The only thing of value, in my mind, is the clientale. Still, if the company goes bankrupt, the clientale would’ve to go somewhere else, and you can just position yourself to capitalize.
On top of that, with such low valuations, it is difficult to see how M&A can happen. Nobody’s gonna offer a price at BV to acquire, and nobody wants to sell and be accountable at a price far below BV either.
Increase dividends. LTC currently gives out a paltry dividend of 1 cent annually. Even at the current depressed share price, that’s a yield of only 1.8%. I’m happy if management has a way to utilize cash effectively, but otherwise, raising the dividend will provide an immediate boost to the share price.
Buy Earnings. I really hesitate to put this down. Thus far, any company that has tried to increase their EPS and ROEs by buying unrelated businesses have always failed.
Unless management is a very smart capital allocator, which I don’t think is the case here, they otherwise should only stick to what’s already been done.
Here, we see evidence of this. LTC has acquired a controlling stake (50% with OTP for another 1%) in the company that owns the departmental chain SOGO in Malaysia. Although the new business did make a micro contribution to earnings in FY16, I am not overly enthusiastic. I think LTC overpaid for the acquisition. I’ve previously explained why I think it’s an asinine move in my earlier analysis.
Share Buybacks. At 70% discount to BV, this is kinda obvious isn’t it. The low liquidity is an issue to consider.
Invest In Property. LTC already has a property rental arm, by virtue of the freehold industrial buildings they own. They also develop and own industrial properties in Malaysia. It is no secret that the industrial property sector has dropped substantially in 2016.
After accumulating cash for a few more quarters, it may be an opportune time for LTC to hunt in this sector. That’s something they have experience in.
Another point that I didn’t add in my earlier post (or did I???) is the key management’s remuneration. I’m lazy to put the figures here, but seeing that it’s public information, anyone should be able to dig up this information easily from the ARs.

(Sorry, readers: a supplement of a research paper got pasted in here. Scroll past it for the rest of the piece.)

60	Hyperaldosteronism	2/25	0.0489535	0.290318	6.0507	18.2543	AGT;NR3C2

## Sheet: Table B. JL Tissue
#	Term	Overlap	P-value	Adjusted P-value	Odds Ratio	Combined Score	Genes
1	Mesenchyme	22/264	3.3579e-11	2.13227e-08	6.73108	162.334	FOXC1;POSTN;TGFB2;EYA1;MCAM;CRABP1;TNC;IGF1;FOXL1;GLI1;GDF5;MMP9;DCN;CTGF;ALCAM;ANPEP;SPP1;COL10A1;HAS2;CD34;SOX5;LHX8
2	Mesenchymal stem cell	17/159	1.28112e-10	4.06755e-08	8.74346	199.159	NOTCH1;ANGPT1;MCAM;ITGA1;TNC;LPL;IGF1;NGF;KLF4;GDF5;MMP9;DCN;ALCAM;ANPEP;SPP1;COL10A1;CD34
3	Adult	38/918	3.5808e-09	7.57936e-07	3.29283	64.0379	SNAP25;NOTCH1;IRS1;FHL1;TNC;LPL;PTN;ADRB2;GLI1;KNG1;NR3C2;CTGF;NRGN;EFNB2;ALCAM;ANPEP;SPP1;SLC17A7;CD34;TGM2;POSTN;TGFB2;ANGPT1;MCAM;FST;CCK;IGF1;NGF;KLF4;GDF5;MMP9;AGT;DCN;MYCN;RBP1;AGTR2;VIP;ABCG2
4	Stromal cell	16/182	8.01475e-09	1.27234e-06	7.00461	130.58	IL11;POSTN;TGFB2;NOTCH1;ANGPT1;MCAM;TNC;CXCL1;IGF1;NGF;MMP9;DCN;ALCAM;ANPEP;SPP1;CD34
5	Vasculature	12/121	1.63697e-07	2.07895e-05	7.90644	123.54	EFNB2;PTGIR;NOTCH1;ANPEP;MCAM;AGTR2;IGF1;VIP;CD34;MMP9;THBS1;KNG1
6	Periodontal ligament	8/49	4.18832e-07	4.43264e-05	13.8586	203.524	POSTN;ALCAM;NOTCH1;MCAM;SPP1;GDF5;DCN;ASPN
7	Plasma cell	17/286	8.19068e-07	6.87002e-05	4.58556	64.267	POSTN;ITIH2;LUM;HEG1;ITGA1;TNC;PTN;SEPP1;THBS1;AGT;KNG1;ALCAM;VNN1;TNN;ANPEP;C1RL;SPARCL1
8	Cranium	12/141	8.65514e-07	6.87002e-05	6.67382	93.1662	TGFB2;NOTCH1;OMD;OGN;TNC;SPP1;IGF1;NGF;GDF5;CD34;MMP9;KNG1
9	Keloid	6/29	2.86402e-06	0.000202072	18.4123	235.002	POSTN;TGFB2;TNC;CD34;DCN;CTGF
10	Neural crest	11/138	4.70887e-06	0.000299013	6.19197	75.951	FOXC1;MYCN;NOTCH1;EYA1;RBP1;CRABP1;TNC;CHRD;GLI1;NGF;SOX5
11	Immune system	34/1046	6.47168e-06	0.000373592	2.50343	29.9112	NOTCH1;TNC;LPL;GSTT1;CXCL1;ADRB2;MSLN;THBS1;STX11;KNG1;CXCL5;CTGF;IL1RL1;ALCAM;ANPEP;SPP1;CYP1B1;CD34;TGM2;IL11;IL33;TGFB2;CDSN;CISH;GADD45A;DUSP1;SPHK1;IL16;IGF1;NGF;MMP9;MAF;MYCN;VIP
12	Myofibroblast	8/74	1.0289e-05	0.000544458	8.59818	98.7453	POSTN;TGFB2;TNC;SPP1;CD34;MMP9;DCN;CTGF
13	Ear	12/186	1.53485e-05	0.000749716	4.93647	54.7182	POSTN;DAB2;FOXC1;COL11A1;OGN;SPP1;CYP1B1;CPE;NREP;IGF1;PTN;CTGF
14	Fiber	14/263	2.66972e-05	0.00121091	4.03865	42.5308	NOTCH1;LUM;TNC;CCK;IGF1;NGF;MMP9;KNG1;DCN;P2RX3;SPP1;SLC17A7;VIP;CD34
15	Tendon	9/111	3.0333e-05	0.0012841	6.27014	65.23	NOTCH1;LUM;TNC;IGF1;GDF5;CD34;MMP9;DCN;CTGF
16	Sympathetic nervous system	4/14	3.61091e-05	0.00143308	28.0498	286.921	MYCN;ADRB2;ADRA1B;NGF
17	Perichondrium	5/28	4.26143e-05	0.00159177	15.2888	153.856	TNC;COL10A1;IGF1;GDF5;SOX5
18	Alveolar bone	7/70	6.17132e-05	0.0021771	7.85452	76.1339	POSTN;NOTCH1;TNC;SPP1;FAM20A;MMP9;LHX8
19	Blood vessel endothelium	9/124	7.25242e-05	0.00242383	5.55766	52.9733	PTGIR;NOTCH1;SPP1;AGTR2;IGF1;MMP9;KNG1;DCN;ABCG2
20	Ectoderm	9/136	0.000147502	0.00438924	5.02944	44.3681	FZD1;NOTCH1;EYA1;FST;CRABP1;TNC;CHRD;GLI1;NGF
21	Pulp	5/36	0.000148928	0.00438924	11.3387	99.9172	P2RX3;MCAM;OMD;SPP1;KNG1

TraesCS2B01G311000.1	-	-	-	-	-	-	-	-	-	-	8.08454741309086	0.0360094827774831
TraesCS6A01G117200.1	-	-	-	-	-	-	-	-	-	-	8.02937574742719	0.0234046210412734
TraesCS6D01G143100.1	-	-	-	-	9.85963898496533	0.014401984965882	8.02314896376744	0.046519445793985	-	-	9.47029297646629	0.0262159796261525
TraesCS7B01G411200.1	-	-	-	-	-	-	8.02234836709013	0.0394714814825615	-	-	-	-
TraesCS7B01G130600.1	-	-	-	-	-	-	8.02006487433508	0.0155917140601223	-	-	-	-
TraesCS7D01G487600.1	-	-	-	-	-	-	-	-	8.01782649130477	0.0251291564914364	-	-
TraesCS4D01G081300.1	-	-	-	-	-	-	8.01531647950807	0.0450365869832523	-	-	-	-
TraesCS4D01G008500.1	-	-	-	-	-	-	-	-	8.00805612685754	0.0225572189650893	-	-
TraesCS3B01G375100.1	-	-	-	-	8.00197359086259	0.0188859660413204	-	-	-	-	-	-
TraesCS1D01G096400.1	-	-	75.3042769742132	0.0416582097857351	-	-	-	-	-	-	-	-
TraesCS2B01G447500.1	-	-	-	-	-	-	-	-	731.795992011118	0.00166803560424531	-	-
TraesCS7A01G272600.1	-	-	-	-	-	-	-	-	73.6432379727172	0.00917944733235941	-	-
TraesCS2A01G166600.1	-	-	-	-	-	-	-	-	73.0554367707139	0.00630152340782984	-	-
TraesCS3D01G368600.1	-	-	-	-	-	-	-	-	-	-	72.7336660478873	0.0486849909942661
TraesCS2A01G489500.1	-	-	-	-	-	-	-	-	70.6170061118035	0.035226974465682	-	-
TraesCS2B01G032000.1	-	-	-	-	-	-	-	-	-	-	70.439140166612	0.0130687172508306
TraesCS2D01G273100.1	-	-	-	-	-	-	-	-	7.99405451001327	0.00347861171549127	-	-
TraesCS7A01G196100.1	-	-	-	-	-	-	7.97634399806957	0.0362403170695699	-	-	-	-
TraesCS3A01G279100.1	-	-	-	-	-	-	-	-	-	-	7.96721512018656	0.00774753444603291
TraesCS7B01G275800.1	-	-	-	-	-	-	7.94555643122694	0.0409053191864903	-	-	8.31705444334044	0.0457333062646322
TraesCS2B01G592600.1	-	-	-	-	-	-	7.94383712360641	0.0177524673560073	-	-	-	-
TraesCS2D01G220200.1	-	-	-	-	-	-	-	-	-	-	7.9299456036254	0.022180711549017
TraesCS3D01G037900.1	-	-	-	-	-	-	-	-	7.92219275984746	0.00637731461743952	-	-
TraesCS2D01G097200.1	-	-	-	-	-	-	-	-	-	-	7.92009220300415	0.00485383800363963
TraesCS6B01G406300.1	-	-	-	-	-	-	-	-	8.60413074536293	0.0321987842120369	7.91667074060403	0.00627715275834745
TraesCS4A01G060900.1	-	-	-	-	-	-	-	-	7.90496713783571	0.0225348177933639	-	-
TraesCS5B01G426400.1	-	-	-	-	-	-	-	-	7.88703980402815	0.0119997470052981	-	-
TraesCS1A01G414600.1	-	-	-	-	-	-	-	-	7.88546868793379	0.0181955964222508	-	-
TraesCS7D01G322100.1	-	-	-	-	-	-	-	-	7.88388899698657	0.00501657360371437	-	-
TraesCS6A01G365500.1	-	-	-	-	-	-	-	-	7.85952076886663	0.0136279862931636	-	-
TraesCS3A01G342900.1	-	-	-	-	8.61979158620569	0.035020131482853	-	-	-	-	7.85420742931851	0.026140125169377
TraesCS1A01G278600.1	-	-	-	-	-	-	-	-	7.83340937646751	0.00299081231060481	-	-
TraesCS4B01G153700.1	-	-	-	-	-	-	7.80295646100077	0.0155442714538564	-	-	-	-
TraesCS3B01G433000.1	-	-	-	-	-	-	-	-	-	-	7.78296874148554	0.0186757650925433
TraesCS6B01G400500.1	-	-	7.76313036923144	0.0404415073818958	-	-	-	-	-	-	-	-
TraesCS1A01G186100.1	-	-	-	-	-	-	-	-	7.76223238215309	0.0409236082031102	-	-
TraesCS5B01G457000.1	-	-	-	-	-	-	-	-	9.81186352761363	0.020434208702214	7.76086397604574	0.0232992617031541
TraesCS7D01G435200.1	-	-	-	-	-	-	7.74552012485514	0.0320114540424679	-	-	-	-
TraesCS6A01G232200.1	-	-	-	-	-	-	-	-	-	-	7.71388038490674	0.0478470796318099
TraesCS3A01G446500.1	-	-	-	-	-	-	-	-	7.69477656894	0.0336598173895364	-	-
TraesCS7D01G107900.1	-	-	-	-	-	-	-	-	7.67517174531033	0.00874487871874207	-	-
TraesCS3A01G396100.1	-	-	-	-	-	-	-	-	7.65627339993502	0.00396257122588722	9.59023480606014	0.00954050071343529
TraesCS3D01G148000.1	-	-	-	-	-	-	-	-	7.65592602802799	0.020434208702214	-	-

LTC’s key management pays themselves very reasonably. The remuneration (Given in bands), as a proportion of revenue or market cap, is much much much lower than AEH. I think in one of the years I was vested in, AEH’s key management’s remuneration accounted for almost half of the entire profits.
I’m not against paying big fat remuneration packages, but the results must reflect that. The problem is that many top management these days are happy collecting fat remuneration packages, with little oversight.
The most motivated management, are those with comparatively low remuneration, but a high proportion of their personal net worth locked up in the company’s equity.
Just to sidetrack a bit:
Case in point: Johnny Liu of Dutech. This little note was in my personal investing thesis before I first vested in Dutech almost 2 yrs ago:
“+ Chairman and CEO Johnny Liu compensation for 2014 is only $200k, $370k in 2013. Management team draws reasonable salaries”
*** BTW Johnny Liu, if you ever happen to read this, I, together with I believe many other shareholders, would be happy if you decide to pay yourself a bit more. Dutech can afford it.
In the most recent conference call (or is it the one before that), FF Wong of Boustead Singapore (whose track record is something that I have immense respect for) said that the beauty about “bottom fishing”, is that even if one makes a mistake, the effects are diminished.
My add on to that is that if one gets it correct, the effects are accentuated.
My view is that both these companies are eligible for “bottom fishing”. I’ve stated my preference for LTC due to the elimination of debt, and the subsequent accumulation of CF. I think the market has not priced this in yet.
If one invests now though, it must be for the mid to long term as I don’t think steel prices, and by extension, earnings, will come roaring back anytime soon. The downside may be limited, but the upside may be a long time coming.
At this stage I remain vested, but am not adding on to my stake. (Anyway, the low liquidity and wide spread makes it frustrating to add.)
P.S. Although I said that I’m in the midst of finalizing my dd on the next deep value investment I’m intending to make, I’d still very much welcome ideas. Please throw any deep value ideas my way and share them generously with me, as I have with you. Preferably with a catalyst in sight please.